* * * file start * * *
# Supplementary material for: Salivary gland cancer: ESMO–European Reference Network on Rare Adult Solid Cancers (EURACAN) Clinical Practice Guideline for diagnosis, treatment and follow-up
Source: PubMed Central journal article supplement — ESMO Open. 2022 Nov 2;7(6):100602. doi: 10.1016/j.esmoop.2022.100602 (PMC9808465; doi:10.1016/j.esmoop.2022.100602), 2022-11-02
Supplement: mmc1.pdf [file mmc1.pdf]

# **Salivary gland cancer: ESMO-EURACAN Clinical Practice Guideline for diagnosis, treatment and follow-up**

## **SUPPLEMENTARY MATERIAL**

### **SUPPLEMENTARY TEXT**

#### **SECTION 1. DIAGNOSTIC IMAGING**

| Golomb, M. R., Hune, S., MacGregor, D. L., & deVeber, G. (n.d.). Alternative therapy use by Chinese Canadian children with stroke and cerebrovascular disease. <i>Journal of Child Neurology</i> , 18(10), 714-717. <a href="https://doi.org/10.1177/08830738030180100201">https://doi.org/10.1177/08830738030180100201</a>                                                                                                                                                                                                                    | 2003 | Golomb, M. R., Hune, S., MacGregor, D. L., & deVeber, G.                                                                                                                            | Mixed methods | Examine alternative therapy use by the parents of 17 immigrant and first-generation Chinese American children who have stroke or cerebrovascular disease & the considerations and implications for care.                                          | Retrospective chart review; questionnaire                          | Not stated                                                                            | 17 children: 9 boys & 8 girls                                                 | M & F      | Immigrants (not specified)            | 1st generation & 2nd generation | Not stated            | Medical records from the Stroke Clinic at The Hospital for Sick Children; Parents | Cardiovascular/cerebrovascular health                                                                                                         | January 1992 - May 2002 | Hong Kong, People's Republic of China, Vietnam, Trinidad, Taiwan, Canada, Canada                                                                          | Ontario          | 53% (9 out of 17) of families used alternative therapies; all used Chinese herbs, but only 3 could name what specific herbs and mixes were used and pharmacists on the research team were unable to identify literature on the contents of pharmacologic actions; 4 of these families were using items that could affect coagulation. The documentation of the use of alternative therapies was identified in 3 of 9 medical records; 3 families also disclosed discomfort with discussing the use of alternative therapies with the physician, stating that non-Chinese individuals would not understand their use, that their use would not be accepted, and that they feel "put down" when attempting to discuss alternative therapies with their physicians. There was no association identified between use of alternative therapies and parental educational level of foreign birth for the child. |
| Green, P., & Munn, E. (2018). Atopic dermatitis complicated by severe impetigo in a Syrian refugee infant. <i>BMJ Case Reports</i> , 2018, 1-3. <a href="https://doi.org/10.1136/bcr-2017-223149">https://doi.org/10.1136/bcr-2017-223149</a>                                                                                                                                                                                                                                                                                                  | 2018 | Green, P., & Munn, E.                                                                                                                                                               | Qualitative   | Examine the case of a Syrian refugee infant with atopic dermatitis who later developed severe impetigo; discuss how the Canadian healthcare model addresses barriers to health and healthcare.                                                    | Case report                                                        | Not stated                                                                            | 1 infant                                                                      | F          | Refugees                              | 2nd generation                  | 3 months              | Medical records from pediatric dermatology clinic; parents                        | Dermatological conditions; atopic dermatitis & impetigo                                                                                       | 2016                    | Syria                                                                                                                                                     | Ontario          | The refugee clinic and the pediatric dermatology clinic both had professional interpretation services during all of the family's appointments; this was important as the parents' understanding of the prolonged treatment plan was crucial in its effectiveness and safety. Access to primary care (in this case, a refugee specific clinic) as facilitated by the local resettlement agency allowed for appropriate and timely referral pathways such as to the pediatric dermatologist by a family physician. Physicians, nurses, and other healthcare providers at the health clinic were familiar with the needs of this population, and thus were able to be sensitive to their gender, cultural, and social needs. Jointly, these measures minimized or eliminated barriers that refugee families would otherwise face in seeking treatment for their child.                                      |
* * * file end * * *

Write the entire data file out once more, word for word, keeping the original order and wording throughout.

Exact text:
# Supplementary material for: Salivary gland cancer: ESMO–European Reference Network on Rare Adult Solid Cancers (EURACAN) Clinical Practice Guideline for diagnosis, treatment and follow-up
Source: PubMed Central journal article supplement — ESMO Open. 2022 Nov 2;7(6):100602. doi: 10.1016/j.esmoop.2022.100602 (PMC9808465; doi:10.1016/j.esmoop.2022.100602), 2022-11-02
Supplement: mmc1.pdf [file mmc1.pdf]

# **Salivary gland cancer: ESMO-EURACAN Clinical Practice Guideline for diagnosis, treatment and follow-up**

## **SUPPLEMENTARY MATERIAL**

### **SUPPLEMENTARY TEXT**

#### **SECTION 1. DIAGNOSTIC IMAGING**

| Golomb, M. R., Hune, S., MacGregor, D. L., & deVeber, G. (n.d.). Alternative therapy use by Chinese Canadian children with stroke and cerebrovascular disease. <i>Journal of Child Neurology</i> , 18(10), 714-717. <a href="https://doi.org/10.1177/08830738030180100201">https://doi.org/10.1177/08830738030180100201</a>                                                                                                                                                                                                                    | 2003 | Golomb, M. R., Hune, S., MacGregor, D. L., & deVeber, G.                                                                                                                            | Mixed methods | Examine alternative therapy use by the parents of 17 immigrant and first-generation Chinese American children who have stroke or cerebrovascular disease & the considerations and implications for care.                                          | Retrospective chart review; questionnaire                          | Not stated                                                                            | 17 children: 9 boys & 8 girls                                                 | M & F      | Immigrants (not specified)            | 1st generation & 2nd generation | Not stated            | Medical records from the Stroke Clinic at The Hospital for Sick Children; Parents | Cardiovascular/cerebrovascular health                                                                                                         | January 1992 - May 2002 | Hong Kong, People's Republic of China, Vietnam, Trinidad, Taiwan, Canada, Canada                                                                          | Ontario          | 53% (9 out of 17) of families used alternative therapies; all used Chinese herbs, but only 3 could name what specific herbs and mixes were used and pharmacists on the research team were unable to identify literature on the contents of pharmacologic actions; 4 of these families were using items that could affect coagulation. The documentation of the use of alternative therapies was identified in 3 of 9 medical records; 3 families also disclosed discomfort with discussing the use of alternative therapies with the physician, stating that non-Chinese individuals would not understand their use, that their use would not be accepted, and that they feel "put down" when attempting to discuss alternative therapies with their physicians. There was no association identified between use of alternative therapies and parental educational level of foreign birth for the child. |
| Green, P., & Munn, E. (2018). Atopic dermatitis complicated by severe impetigo in a Syrian refugee infant. <i>BMJ Case Reports</i> , 2018, 1-3. <a href="https://doi.org/10.1136/bcr-2017-223149">https://doi.org/10.1136/bcr-2017-223149</a>                                                                                                                                                                                                                                                                                                  | 2018 | Green, P., & Munn, E.                                                                                                                                                               | Qualitative   | Examine the case of a Syrian refugee infant with atopic dermatitis who later developed severe impetigo; discuss how the Canadian healthcare model addresses barriers to health and healthcare.                                                    | Case report                                                        | Not stated                                                                            | 1 infant                                                                      | F          | Refugees                              | 2nd generation                  | 3 months              | Medical records from pediatric dermatology clinic; parents                        | Dermatological conditions; atopic dermatitis & impetigo                                                                                       | 2016                    | Syria                                                                                                                                                     | Ontario          | The refugee clinic and the pediatric dermatology clinic both had professional interpretation services during all of the family's appointments; this was important as the parents' understanding of the prolonged treatment plan was crucial in its effectiveness and safety. Access to primary care (in this case, a refugee specific clinic) as facilitated by the local resettlement agency allowed for appropriate and timely referral pathways such as to the pediatric dermatologist by a family physician. Physicians, nurses, and other healthcare providers at the health clinic were familiar with the needs of this population, and thus were able to be sensitive to their gender, cultural, and social needs. Jointly, these measures minimized or eliminated barriers that refugee families would otherwise face in seeking treatment for their child.                                      |